Trust, costs, safety and proper information are the words that regularly recurred during the 6th Science Day of the Medicines Evaluation Board (MEB) on Friday 3 February. Over 120 interested parties visited the informative afternoon in the Leeuwenbergh in Utrecht.
Generic drugs in society: the regulator’s dilemma
Patients must be able to trust that the medicines they are getting are effective and safe. However, they do not always have that confidence – for example if they get their medicines in a different packaging, if the tablets are suddenly a different colour or shape, or if the patient package leaflet states something different about the time of day at which it has to be taken. Clear and unambiguous information can improve the patients' trust. This includes the information not only in package leaflets and on the packaging, but also for prescribers and pharmacies.
The theme for the day was ‘Generic drugs in society: the regulator’s dilemma’. And there certainly is a dilemma, said Marc Maliepaard (senior assessor at the MEB) when giving the introduction to the subject. Patients have doubts about the reliability of generic medicines: are these medicines genuinely equally effective? Who decides whether a patient gets a generic equivalent or the branded medicine? And what it the best option if a medicine is (temporarily) unavailable? Who informs patients about the medicines they are getting? And then there are the costs: generic medicines are much cheaper than branded ones, because the producer is no longer paying the expenses of the research.
Using the example of Pantozol (branded name) versus pantoprazole (the active ingredient, the generic medicine), Mr Maliepaard showed how the total number of prescriptions per year increased after the generic medicine was marketed, as well as the extent to which the costs had come down.
Various parties involved highlighted this dilemma at the Science Day.
Gabe Sonke, an oncologist and member of the MEB Board, described how he was told during his early period as a doctor to use generic names for medicines when prescribing them. Doctors trust the active substance because they know how it works.
Mr Sonke also gave the example of a patient who wanted a branded medicine but was given a prescription for a generic medicine. The patient submitted a complaint and did finally receive the branded medicine. That raises the question of what the doctor should do in such cases. Do you want to risk a complaint, with all the potential consequences? The costs are often an important reason for prescribing generics rather than branded medicines. But Mr Sonke was clear on that point: “I don’t want to discuss costs with the patients.”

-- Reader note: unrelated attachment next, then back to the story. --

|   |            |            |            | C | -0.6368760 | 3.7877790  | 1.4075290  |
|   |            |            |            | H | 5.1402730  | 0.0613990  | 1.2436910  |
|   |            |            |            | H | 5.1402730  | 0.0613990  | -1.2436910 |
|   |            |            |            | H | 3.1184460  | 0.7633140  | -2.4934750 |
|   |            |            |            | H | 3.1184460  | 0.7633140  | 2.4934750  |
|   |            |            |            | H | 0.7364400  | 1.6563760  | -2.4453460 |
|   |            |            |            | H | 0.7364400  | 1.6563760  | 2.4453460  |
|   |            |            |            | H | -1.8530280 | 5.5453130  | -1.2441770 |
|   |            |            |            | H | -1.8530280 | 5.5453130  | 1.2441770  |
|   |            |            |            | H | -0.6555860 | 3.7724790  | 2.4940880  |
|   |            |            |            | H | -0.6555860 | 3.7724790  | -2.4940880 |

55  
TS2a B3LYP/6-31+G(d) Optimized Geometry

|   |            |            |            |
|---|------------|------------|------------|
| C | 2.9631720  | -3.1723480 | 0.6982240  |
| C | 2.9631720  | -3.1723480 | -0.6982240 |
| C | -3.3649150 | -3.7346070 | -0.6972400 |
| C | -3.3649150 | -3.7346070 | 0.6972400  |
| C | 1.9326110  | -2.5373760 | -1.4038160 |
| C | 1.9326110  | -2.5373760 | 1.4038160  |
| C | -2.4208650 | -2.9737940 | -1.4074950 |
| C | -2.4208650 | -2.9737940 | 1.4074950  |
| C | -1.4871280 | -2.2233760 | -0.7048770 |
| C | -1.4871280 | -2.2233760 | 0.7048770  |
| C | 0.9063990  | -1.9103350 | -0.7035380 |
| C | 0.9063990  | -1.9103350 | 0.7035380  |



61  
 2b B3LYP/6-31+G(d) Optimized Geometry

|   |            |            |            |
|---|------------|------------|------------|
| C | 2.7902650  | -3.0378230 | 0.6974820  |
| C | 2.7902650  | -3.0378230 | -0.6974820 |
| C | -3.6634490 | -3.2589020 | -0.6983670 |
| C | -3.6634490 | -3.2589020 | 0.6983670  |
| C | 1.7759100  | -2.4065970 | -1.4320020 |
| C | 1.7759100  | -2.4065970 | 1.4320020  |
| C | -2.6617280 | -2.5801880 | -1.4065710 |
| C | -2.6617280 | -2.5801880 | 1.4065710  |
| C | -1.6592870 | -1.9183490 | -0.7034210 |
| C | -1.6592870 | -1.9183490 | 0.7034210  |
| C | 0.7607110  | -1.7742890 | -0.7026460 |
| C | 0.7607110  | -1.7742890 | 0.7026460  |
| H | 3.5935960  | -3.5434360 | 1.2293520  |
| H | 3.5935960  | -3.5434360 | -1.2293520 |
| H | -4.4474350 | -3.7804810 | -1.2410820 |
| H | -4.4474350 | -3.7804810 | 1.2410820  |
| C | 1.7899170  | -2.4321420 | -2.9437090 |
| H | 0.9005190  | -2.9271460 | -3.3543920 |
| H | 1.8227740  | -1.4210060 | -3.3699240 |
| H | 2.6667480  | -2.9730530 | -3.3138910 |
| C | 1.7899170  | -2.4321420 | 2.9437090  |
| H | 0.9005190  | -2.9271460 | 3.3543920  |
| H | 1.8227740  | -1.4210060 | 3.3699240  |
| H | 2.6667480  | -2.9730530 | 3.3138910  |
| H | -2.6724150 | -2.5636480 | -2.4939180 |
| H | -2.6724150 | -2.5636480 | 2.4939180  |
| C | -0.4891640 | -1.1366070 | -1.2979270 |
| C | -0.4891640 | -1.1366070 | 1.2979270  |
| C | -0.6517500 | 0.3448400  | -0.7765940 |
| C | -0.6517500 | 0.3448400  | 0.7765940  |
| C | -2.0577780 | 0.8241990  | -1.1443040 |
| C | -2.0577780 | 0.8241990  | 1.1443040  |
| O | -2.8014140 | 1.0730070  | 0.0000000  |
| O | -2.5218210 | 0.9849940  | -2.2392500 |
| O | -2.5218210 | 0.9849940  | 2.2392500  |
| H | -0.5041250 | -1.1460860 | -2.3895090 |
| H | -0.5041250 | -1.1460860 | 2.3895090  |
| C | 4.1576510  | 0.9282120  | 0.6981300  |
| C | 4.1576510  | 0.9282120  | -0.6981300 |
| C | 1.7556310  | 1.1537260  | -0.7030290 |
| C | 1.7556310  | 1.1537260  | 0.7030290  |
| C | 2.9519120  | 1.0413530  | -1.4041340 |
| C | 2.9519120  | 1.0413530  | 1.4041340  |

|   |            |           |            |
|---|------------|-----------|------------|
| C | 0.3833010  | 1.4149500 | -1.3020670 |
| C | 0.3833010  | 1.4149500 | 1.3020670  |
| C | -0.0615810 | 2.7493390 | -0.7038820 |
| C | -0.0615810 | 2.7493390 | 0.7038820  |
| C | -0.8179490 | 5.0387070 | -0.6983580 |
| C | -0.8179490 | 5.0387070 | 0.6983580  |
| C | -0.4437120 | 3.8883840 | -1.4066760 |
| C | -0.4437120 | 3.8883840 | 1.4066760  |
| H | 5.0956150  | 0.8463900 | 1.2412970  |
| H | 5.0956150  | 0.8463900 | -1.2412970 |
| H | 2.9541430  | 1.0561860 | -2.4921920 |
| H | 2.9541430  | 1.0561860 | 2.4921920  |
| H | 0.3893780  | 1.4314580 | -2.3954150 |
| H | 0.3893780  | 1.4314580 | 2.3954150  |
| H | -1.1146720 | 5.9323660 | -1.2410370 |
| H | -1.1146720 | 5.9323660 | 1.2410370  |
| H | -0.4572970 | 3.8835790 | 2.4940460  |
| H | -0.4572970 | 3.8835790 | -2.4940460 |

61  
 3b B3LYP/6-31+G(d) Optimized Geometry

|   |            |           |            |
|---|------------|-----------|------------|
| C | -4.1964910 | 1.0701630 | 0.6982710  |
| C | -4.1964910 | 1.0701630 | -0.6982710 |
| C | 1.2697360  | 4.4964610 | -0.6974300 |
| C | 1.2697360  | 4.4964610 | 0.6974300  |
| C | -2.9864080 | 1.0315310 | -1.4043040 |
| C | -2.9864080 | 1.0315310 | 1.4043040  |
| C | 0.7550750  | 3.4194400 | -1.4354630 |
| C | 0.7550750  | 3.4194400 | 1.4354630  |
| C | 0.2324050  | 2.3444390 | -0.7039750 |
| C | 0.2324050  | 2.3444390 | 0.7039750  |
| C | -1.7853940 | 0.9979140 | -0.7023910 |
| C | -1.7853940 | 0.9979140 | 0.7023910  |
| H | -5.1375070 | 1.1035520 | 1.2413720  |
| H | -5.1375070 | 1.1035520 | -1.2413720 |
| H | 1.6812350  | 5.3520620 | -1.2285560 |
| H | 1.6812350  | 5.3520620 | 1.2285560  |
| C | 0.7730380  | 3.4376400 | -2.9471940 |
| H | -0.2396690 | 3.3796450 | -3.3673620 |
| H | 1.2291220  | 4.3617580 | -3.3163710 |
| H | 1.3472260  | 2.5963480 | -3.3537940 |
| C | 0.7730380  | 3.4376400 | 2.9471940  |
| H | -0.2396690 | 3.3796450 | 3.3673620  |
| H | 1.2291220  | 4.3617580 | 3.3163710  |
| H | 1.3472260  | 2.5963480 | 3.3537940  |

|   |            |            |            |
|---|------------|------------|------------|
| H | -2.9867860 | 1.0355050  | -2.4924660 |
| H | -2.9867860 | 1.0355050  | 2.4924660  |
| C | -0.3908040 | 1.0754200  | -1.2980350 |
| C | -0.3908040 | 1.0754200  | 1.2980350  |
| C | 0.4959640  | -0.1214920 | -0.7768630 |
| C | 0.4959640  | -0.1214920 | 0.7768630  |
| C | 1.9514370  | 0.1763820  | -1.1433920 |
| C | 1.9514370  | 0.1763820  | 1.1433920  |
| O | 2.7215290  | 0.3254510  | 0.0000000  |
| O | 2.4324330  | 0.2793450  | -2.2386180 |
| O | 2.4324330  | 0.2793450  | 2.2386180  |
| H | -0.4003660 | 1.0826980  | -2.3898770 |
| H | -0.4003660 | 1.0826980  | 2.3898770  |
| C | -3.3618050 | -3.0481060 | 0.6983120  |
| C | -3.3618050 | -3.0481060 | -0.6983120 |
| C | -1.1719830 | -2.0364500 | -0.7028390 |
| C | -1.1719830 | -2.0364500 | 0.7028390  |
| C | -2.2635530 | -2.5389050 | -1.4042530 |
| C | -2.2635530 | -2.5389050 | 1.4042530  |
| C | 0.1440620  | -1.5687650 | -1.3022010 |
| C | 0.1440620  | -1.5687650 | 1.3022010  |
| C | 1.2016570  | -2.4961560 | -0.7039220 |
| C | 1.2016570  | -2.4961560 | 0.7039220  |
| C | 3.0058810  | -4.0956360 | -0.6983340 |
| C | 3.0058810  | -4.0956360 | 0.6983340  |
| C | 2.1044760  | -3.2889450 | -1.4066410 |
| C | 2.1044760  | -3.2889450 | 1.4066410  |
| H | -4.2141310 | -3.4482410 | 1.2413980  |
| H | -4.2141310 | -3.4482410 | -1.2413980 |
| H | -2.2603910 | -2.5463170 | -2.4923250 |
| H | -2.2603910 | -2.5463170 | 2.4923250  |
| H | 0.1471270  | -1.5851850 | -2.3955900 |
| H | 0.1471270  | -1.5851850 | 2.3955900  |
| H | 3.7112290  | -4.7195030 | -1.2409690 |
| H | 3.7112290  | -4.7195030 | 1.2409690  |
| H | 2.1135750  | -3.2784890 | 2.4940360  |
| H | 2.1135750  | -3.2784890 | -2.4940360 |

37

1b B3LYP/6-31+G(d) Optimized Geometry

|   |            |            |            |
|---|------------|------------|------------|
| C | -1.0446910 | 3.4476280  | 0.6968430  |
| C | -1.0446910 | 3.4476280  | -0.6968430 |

One striking point in his presentation was the reference to a possible placebo effect when switching to generic medicines, meaning, complaints may also be driven by the psychological aspects of taking a drug that looks different than what you are used to: “There is never any discussion about generic medicines that are administered intravenously.”
Christine Gispen-de Wied, the chair for the day, interviewed Johan de Graaf, chairman of the Hypofysestichting (Pituitary Gland Foundation) and himself a patient with pituitary gland deficiency. In the patients' and consumers' committee, he advises the MEB about aspects that affect patients.
The question-and-answer session was introduced with a video clip explaining the differences between generics and branded medicines, and, again, the psychological aspects (placebo effect) of taking products (including drugs), presented different from expectations.
Mr de Graaf explained how complicated the use of medicines can be for patients. His pituitary gland does not work properly, meaning that his body produces too little of various hormones. They need topping up with medicines. The amount that he needs in a single day and the times at which he has to take his medicines depend on what the day will involve. “It basically involves a lot of planning and careful timing.” When his medicines are not under control, he gets headaches and becomes nauseated. If this happens, he has to adjust the medical dose to receive proper concentrations. His condition means that he is more susceptible to infections, and his drugs are life saving in this respect.